As part of the trend to behave more like a big city, Portland is now targeting the hundreds of homeless living under the city's bridges. Presently, the city is pursuing an ice-skating rink that representatives routinely compare to NYC's Rockefeller Center, and in January Mayor Katz spent a good deal of time lobbying for a major-league baseball team. And now, the city is making a substantial effort to hide its homeless contingent.

In an announcement two weeks ago, police said that they are slated to conduct sweeps of the corridor underneath I-405, from NW Hoyt to SW Market. To add bite to these sweeps, after an initial warning, officers will issue criminal Trespass II citations (with fines as high as $600) to those sleeping on Oregon Department of Transportation (ODOT) lands. ODOT insists they did not ask the city to perform such a task.

Given the shortage of shelter space and the decreasing availability of social services, advocates for the homeless point out that these sweeps come at a particularly difficult time. (It is estimated that the number of beds in town is half the homeless population, and that nightly 400-plus men and women are turned away.) Advocates add that these sweeps are part of Mayor Katz's protocol that criminalizes homelessness. Last summer Katz supported a sit-lie ordinance. "It is not a solution," says Jamie Manuel from Crossroads, a homeless advocacy organization. JOSHUA CINELLI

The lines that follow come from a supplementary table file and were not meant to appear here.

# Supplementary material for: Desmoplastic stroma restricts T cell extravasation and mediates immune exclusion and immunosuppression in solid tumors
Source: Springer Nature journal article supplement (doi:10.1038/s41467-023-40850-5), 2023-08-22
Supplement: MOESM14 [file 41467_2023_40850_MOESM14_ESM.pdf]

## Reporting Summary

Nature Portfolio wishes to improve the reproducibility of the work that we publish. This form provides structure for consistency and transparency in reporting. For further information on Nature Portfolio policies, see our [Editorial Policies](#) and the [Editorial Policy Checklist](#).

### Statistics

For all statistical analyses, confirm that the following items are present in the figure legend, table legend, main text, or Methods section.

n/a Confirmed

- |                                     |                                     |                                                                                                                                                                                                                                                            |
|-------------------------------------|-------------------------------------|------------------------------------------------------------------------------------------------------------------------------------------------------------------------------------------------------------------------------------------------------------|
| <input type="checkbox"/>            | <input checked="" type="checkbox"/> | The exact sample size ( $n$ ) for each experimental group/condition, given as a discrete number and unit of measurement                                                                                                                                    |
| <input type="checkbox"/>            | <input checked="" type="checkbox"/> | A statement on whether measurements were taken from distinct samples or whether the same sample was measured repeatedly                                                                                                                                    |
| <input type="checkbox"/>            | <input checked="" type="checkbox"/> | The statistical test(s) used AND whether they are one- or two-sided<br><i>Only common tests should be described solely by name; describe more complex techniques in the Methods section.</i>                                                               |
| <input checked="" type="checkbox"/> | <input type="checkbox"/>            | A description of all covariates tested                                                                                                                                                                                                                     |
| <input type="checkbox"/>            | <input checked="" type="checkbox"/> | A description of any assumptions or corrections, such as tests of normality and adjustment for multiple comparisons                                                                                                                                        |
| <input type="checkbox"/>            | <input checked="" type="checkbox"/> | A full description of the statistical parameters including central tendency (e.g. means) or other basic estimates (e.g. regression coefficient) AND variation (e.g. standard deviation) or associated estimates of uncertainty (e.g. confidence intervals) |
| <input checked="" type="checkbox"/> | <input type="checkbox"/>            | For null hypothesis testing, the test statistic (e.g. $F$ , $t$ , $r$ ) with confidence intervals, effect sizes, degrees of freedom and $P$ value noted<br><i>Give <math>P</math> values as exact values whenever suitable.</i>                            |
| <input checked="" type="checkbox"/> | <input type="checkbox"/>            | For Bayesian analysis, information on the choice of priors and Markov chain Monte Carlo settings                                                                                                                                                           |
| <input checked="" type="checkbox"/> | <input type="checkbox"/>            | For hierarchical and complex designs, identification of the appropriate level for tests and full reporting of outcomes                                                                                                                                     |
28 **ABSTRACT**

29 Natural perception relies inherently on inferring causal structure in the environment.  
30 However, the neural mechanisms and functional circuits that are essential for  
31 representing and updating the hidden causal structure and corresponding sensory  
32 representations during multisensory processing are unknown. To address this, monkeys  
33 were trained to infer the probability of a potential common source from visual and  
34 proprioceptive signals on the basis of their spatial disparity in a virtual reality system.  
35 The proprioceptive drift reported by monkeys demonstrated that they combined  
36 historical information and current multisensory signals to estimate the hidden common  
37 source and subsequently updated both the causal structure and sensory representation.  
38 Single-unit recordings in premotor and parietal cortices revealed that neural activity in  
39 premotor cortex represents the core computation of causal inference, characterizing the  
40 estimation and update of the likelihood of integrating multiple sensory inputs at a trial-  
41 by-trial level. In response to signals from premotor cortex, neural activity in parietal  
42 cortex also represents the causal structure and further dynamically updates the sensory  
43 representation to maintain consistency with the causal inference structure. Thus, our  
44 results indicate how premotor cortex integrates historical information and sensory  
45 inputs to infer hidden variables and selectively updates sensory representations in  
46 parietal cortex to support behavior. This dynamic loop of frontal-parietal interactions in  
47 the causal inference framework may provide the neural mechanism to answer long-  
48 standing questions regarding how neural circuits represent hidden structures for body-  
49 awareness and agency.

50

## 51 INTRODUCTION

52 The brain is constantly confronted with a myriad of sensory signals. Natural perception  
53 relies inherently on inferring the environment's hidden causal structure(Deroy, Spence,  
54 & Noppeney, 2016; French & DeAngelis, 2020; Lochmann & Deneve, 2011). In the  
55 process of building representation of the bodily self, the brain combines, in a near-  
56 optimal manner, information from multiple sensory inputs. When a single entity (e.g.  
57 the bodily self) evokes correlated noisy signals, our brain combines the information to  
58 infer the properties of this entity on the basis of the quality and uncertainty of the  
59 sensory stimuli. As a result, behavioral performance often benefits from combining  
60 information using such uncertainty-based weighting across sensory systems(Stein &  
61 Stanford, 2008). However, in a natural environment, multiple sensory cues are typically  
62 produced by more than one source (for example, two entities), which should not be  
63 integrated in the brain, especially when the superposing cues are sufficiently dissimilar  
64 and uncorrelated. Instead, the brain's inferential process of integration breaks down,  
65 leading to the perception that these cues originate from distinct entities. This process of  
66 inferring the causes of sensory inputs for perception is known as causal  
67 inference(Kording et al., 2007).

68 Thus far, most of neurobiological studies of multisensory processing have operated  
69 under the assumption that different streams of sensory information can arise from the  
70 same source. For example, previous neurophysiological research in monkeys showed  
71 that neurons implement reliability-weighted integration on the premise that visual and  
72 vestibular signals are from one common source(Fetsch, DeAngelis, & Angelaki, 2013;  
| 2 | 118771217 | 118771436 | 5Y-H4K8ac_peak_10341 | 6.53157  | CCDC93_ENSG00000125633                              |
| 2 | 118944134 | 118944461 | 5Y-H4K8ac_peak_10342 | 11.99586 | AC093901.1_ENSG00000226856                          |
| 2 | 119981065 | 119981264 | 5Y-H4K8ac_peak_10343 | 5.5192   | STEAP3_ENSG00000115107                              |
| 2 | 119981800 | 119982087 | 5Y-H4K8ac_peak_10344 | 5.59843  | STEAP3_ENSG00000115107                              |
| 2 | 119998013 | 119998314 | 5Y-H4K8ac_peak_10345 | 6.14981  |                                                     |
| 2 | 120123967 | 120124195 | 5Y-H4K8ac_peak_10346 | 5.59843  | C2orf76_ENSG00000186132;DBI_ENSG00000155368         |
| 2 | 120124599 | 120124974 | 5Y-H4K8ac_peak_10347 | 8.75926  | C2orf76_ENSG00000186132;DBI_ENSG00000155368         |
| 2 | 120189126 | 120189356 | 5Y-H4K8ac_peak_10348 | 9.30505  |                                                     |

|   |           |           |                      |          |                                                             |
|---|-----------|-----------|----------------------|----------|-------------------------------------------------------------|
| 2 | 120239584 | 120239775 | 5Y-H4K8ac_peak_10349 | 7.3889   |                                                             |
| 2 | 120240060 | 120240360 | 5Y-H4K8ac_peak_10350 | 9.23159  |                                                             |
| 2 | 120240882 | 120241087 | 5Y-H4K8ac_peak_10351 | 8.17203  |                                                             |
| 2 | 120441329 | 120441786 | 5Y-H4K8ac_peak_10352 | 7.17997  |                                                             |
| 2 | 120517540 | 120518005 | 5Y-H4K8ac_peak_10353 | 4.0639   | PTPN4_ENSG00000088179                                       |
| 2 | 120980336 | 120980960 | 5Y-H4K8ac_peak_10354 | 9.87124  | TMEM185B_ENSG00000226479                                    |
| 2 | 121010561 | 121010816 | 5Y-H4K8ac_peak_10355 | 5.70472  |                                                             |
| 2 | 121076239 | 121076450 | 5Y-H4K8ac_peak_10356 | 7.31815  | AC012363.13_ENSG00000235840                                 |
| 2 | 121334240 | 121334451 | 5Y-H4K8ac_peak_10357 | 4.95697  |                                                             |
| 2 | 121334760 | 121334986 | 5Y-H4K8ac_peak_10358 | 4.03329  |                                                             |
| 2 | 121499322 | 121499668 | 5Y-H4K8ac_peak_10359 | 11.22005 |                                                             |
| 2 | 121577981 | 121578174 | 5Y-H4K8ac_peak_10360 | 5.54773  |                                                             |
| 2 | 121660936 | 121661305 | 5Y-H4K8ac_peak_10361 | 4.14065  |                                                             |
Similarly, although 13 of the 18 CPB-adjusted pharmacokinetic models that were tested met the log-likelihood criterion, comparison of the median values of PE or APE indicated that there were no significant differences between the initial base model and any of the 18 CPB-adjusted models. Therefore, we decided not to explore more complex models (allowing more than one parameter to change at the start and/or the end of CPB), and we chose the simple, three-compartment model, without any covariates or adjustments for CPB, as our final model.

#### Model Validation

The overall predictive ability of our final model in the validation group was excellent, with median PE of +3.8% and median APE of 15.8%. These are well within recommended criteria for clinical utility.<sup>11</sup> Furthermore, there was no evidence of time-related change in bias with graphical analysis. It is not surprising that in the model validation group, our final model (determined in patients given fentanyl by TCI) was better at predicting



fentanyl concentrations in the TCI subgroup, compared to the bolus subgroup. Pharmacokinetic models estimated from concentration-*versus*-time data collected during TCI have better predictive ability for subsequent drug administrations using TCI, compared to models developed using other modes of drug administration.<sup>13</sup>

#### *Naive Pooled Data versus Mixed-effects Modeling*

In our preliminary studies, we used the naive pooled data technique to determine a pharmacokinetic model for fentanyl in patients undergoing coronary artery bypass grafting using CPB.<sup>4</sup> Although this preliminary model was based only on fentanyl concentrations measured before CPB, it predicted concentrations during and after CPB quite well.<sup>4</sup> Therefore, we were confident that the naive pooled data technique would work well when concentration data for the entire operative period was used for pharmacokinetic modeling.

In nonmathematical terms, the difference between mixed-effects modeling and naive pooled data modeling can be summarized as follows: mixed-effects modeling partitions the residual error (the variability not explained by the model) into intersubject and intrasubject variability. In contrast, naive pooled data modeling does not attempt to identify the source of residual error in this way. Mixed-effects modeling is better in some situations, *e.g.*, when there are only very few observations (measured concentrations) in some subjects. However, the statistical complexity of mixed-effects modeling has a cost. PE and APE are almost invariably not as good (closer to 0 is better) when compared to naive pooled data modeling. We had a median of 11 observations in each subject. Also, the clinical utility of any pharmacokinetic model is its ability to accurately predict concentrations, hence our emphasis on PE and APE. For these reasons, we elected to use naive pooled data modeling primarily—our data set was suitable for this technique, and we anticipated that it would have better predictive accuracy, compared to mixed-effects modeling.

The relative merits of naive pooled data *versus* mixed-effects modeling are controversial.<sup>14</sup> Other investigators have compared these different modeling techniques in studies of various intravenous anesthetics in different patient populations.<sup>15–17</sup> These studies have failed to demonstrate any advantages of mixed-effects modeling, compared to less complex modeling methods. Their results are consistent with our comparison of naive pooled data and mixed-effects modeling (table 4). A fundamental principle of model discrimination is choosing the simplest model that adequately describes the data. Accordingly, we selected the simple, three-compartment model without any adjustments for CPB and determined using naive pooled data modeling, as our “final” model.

While our city council members and the mayor continue to stonewall an antiwar resolution and a petition to speak out against the USA Patriot Act, last week U.S. Congressmen from the Pacific Northwest took a stand against the hawkish Bush Administration. In October, the U.S. Senate and Congress both voted overwhelmingly for a resolution to support military action in Iraq. On Wednesday, Reps. Peter DeFazio (D-Ore.) and Jim McDermott (D-Wash.) did what they could to restore the Pacific Northwest's reputation as peace-mongers and rabble-rousers: They demanded that Congress repeal the resolution.

Their demand came after Secretary of State Colin Powell made a highly circumstantial case to the UN that Iraq is hiding chemical depots. At a press conference, DeFazio decried Powell's indictment as "very tenuous." The lawmakers acknowledged that their dissent was likely to make them very unpopular. PHIL BUSSE